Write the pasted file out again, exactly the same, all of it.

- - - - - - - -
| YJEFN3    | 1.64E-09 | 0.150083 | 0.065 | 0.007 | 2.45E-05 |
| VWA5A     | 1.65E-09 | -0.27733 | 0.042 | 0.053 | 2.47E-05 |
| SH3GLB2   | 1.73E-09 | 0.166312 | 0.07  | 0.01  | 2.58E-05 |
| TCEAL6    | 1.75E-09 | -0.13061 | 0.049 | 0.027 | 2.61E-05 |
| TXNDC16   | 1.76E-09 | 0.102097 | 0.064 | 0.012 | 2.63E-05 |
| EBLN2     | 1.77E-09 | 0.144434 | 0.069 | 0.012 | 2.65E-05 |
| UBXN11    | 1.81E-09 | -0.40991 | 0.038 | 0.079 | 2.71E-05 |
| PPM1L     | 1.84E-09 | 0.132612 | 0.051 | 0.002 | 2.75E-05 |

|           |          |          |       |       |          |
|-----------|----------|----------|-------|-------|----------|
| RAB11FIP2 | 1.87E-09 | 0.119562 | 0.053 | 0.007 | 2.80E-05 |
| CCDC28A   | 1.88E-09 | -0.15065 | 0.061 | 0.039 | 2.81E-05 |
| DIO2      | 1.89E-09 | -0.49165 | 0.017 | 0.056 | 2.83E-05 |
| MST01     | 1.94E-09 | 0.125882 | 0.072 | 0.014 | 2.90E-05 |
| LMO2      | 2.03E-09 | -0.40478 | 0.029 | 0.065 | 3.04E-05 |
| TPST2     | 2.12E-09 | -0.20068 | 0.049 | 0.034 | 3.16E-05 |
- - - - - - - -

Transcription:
| YJEFN3    | 1.64E-09 | 0.150083 | 0.065 | 0.007 | 2.45E-05 |
| VWA5A     | 1.65E-09 | -0.27733 | 0.042 | 0.053 | 2.47E-05 |
| SH3GLB2   | 1.73E-09 | 0.166312 | 0.07  | 0.01  | 2.58E-05 |
| TCEAL6    | 1.75E-09 | -0.13061 | 0.049 | 0.027 | 2.61E-05 |
| TXNDC16   | 1.76E-09 | 0.102097 | 0.064 | 0.012 | 2.63E-05 |
| EBLN2     | 1.77E-09 | 0.144434 | 0.069 | 0.012 | 2.65E-05 |
| UBXN11    | 1.81E-09 | -0.40991 | 0.038 | 0.079 | 2.71E-05 |
| PPM1L     | 1.84E-09 | 0.132612 | 0.051 | 0.002 | 2.75E-05 |

|           |          |          |       |       |          |
|-----------|----------|----------|-------|-------|----------|
| RAB11FIP2 | 1.87E-09 | 0.119562 | 0.053 | 0.007 | 2.80E-05 |
| CCDC28A   | 1.88E-09 | -0.15065 | 0.061 | 0.039 | 2.81E-05 |
| DIO2      | 1.89E-09 | -0.49165 | 0.017 | 0.056 | 2.83E-05 |
| MST01     | 1.94E-09 | 0.125882 | 0.072 | 0.014 | 2.90E-05 |
| LMO2      | 2.03E-09 | -0.40478 | 0.029 | 0.065 | 3.04E-05 |
| TPST2     | 2.12E-09 | -0.20068 | 0.049 | 0.034 | 3.16E-05 |